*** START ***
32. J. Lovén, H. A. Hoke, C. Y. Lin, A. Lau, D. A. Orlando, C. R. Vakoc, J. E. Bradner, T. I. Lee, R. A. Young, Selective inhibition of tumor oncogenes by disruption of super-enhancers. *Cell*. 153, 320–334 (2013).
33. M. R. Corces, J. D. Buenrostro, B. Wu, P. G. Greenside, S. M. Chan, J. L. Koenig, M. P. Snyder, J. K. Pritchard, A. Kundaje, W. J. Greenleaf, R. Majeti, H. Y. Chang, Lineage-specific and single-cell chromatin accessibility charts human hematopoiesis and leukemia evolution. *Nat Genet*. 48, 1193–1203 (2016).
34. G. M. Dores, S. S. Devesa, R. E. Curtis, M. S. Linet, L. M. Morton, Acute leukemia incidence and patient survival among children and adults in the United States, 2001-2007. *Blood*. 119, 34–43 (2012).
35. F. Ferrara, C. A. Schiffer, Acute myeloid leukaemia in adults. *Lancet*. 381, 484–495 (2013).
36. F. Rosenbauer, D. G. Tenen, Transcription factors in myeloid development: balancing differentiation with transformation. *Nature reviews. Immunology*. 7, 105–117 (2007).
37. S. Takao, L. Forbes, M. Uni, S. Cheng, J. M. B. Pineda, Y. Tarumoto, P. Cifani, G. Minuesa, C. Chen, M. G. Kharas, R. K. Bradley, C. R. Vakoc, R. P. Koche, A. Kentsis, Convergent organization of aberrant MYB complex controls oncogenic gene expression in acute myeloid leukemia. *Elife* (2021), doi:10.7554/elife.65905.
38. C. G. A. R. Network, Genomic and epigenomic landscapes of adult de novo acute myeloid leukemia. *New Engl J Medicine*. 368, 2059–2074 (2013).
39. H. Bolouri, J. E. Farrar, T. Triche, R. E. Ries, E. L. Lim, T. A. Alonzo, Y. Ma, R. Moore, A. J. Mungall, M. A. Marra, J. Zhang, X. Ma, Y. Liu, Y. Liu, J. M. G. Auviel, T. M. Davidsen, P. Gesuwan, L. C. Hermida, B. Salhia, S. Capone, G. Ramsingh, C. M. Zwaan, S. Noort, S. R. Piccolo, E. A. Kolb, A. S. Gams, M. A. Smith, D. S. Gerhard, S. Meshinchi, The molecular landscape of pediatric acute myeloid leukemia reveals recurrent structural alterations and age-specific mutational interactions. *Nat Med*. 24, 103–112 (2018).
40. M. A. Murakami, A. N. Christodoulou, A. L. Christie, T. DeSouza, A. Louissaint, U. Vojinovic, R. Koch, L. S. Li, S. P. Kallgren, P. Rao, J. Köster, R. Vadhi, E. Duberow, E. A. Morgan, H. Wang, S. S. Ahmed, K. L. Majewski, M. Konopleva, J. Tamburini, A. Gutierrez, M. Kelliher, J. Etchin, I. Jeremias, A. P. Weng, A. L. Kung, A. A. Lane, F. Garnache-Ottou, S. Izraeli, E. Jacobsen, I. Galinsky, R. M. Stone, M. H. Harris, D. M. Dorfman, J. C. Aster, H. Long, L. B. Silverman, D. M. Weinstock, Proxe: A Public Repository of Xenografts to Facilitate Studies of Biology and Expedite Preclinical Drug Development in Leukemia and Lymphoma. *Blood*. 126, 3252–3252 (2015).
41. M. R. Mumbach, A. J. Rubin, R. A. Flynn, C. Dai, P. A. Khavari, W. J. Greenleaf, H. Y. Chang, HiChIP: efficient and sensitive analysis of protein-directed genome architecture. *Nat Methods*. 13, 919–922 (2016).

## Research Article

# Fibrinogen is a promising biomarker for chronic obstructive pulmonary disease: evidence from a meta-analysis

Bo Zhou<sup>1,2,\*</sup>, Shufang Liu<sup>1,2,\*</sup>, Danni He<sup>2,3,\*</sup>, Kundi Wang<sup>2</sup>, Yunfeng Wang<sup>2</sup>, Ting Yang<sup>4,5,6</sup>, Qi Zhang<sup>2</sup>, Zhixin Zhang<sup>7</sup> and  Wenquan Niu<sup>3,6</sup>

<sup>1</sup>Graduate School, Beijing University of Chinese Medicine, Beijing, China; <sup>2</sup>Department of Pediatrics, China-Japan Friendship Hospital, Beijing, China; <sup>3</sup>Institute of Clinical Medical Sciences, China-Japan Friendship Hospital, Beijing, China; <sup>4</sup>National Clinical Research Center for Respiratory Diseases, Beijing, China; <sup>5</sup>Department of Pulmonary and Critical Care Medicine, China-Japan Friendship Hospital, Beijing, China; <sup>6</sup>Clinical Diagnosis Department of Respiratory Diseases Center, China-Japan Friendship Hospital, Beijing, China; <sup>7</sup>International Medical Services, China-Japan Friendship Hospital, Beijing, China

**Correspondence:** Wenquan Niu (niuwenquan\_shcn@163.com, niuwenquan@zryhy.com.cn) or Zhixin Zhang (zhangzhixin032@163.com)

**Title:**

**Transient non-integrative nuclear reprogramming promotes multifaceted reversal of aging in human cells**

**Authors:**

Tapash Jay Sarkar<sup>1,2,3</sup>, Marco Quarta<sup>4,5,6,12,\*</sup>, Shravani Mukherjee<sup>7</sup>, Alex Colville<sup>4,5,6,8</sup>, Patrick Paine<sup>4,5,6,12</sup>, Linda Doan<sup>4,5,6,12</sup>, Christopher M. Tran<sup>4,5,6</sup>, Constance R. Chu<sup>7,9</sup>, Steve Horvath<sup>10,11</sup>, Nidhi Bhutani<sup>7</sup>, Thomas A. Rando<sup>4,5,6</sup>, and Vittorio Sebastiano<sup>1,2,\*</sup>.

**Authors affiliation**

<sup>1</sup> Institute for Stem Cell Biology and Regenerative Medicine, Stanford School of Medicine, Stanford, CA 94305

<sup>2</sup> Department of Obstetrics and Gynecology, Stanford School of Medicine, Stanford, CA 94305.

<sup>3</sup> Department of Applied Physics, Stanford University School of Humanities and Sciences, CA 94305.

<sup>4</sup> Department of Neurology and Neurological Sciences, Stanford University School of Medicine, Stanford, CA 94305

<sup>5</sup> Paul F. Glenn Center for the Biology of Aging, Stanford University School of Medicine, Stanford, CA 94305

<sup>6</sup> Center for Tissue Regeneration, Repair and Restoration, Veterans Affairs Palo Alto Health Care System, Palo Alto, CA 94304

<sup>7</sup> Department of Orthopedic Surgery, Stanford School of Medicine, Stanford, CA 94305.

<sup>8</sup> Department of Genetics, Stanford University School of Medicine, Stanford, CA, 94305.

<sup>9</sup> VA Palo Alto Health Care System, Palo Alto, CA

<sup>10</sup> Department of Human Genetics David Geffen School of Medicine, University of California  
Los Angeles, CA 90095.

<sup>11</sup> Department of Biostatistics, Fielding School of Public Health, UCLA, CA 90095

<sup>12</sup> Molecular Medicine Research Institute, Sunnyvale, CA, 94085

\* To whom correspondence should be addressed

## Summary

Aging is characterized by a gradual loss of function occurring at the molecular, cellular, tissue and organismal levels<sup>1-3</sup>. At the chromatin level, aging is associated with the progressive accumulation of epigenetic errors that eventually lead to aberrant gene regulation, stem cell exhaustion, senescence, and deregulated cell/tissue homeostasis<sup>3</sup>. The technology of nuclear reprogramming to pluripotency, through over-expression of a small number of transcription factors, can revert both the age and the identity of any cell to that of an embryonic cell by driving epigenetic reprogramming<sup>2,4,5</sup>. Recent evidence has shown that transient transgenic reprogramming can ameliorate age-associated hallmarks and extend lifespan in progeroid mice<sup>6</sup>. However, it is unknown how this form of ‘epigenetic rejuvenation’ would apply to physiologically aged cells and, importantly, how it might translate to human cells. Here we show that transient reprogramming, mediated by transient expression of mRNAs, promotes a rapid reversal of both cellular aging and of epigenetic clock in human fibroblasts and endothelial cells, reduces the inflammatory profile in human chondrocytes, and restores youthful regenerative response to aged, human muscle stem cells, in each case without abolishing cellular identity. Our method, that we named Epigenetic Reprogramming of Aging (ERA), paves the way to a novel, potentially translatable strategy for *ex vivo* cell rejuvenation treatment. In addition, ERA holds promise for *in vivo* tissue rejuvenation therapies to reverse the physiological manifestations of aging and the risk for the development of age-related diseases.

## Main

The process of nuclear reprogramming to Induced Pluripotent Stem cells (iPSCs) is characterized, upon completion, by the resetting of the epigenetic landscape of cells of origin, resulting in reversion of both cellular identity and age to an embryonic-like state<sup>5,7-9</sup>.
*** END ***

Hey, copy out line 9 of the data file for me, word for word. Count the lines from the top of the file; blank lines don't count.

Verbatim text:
40. M. A. Murakami, A. N. Christodoulou, A. L. Christie, T. DeSouza, A. Louissaint, U. Vojinovic, R. Koch, L. S. Li, S. P. Kallgren, P. Rao, J. Köster, R. Vadhi, E. Duberow, E. A. Morgan, H. Wang, S. S. Ahmed, K. L. Majewski, M. Konopleva, J. Tamburini, A. Gutierrez, M. Kelliher, J. Etchin, I. Jeremias, A. P. Weng, A. L. Kung, A. A. Lane, F. Garnache-Ottou, S. Izraeli, E. Jacobsen, I. Galinsky, R. M. Stone, M. H. Harris, D. M. Dorfman, J. C. Aster, H. Long, L. B. Silverman, D. M. Weinstock, Proxe: A Public Repository of Xenografts to Facilitate Studies of Biology and Expedite Preclinical Drug Development in Leukemia and Lymphoma. *Blood*. 126, 3252–3252 (2015).